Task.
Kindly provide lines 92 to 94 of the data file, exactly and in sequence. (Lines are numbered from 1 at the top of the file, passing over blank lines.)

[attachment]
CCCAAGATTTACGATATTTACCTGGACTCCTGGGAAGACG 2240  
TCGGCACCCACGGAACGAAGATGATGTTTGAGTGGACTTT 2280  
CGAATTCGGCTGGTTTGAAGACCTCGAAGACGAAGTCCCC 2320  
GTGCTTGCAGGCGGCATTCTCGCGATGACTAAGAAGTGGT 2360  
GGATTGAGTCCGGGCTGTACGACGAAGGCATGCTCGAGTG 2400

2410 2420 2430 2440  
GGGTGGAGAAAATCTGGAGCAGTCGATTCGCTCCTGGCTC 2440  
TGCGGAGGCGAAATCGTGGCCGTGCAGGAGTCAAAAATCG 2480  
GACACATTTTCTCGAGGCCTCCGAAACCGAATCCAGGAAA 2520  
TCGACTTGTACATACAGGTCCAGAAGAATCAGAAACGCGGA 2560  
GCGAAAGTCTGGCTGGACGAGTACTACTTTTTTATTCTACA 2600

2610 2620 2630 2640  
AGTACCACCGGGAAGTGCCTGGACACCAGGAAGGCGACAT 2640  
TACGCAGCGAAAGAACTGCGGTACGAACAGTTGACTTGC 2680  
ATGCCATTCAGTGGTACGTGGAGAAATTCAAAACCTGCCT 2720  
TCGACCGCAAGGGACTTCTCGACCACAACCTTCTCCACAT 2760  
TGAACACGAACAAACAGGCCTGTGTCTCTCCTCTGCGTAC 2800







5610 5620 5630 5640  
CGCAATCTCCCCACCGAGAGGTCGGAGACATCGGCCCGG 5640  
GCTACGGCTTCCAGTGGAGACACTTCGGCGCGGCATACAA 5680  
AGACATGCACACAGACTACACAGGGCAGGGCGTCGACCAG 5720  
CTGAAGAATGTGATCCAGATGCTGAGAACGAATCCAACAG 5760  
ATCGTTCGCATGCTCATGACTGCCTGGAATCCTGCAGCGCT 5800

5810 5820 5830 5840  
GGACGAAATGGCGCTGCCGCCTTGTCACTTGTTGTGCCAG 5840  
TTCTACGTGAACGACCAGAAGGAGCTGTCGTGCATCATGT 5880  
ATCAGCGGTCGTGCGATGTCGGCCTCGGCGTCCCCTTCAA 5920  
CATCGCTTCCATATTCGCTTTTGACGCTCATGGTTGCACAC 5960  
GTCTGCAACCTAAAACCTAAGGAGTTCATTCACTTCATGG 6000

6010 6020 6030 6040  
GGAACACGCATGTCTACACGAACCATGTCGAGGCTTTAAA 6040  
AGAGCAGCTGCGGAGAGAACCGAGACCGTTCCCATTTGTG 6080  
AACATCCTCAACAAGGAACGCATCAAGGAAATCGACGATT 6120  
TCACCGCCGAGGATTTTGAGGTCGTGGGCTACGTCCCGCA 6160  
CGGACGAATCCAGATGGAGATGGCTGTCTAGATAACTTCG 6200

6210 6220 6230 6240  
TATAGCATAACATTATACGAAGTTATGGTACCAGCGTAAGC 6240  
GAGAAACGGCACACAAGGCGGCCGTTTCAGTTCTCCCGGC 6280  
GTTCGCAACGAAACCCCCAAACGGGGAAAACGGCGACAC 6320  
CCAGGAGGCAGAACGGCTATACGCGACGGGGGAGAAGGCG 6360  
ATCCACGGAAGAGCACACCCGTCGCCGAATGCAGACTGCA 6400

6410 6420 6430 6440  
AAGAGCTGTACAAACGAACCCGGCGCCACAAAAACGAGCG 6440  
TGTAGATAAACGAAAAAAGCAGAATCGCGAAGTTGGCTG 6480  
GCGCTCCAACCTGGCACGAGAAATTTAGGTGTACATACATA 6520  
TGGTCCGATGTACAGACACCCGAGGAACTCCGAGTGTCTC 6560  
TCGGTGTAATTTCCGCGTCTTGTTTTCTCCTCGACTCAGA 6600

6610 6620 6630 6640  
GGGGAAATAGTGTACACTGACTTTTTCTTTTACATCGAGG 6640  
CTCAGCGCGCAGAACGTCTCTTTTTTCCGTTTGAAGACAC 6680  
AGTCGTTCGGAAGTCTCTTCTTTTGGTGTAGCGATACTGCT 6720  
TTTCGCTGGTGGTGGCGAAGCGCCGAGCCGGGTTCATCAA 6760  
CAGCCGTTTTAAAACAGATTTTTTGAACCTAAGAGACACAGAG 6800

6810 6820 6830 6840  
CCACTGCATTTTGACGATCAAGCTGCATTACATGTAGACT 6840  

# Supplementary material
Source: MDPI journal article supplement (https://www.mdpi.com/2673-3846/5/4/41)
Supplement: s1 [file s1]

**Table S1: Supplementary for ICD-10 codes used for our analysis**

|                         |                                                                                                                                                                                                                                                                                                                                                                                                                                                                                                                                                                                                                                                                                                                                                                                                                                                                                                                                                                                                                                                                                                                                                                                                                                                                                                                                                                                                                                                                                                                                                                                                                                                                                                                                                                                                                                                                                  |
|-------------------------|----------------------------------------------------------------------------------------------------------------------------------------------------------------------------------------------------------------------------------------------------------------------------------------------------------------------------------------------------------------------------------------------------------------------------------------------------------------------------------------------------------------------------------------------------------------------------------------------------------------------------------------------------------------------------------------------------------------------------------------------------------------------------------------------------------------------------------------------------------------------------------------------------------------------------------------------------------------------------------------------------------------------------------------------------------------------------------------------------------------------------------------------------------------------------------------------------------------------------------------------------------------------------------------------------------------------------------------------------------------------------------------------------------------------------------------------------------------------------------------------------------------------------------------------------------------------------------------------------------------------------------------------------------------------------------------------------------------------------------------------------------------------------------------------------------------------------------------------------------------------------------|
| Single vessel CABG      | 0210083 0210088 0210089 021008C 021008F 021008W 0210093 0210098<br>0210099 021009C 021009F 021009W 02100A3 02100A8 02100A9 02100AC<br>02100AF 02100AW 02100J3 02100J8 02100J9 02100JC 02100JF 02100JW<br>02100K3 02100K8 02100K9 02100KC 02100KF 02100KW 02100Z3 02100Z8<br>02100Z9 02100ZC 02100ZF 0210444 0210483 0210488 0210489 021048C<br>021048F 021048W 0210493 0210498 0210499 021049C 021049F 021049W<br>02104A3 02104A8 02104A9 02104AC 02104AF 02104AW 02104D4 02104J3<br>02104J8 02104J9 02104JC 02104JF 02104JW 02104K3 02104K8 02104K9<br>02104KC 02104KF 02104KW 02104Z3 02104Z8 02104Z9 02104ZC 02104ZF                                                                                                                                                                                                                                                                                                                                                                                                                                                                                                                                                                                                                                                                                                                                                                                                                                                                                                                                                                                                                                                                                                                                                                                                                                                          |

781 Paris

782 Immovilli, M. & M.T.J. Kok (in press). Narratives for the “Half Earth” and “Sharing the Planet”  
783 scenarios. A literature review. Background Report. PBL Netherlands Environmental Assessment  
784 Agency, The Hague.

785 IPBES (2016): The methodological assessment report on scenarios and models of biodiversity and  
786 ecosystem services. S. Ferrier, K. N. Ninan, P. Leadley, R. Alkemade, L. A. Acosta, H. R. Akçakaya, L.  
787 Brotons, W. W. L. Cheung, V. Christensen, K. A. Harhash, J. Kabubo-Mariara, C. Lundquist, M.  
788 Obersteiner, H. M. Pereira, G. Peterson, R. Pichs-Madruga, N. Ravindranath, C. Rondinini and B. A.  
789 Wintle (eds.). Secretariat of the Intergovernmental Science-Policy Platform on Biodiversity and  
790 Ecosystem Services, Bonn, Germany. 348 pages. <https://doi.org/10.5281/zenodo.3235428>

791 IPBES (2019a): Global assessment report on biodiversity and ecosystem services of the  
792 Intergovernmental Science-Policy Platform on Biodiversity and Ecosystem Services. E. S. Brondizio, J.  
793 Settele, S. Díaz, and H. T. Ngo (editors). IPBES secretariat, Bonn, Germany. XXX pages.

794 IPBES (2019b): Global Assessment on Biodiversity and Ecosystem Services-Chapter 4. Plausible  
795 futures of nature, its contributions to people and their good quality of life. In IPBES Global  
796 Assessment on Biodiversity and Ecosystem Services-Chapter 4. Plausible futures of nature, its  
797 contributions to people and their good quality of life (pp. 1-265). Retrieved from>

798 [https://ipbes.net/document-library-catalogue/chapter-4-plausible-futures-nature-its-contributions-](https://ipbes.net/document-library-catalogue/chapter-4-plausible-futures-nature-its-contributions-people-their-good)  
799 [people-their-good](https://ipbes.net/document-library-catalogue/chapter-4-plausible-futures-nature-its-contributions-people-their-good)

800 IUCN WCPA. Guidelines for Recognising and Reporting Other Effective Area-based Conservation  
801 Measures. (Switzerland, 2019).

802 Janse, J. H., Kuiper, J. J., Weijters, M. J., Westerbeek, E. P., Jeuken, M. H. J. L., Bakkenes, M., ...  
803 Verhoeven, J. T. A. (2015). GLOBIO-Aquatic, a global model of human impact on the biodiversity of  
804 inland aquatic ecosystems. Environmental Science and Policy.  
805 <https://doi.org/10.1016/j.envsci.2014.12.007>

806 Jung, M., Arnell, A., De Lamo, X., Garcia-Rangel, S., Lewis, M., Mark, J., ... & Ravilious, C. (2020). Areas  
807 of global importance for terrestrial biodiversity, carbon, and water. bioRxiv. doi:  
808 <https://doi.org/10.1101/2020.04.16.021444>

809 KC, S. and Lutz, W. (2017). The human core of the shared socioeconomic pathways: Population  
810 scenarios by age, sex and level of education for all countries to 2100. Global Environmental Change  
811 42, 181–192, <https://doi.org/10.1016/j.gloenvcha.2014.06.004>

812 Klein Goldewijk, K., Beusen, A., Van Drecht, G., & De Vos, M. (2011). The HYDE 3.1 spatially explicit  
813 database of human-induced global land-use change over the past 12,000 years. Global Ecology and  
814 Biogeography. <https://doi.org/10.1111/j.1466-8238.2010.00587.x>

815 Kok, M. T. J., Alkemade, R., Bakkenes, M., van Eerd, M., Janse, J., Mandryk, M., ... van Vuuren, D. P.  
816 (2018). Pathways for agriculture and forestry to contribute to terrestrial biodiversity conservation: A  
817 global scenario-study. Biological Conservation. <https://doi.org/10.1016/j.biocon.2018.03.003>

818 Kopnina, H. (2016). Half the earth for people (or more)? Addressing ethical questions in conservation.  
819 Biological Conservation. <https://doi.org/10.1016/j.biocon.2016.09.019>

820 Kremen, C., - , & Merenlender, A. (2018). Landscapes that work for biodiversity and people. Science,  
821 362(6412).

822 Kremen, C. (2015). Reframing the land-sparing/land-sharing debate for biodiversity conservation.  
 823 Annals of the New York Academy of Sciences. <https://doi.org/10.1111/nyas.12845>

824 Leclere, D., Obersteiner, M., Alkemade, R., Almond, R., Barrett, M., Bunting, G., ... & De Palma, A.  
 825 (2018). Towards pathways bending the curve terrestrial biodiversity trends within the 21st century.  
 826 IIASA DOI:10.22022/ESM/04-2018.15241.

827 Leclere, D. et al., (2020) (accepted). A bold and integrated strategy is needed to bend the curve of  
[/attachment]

810 scenarios by age, sex and level of education for all countries to 2100. Global Environmental Change  
811 42, 181–192, <https://doi.org/10.1016/j.gloenvcha.2014.06.004>

812 Klein Goldewijk, K., Beusen, A., Van Drecht, G., & De Vos, M. (2011). The HYDE 3.1 spatially explicit  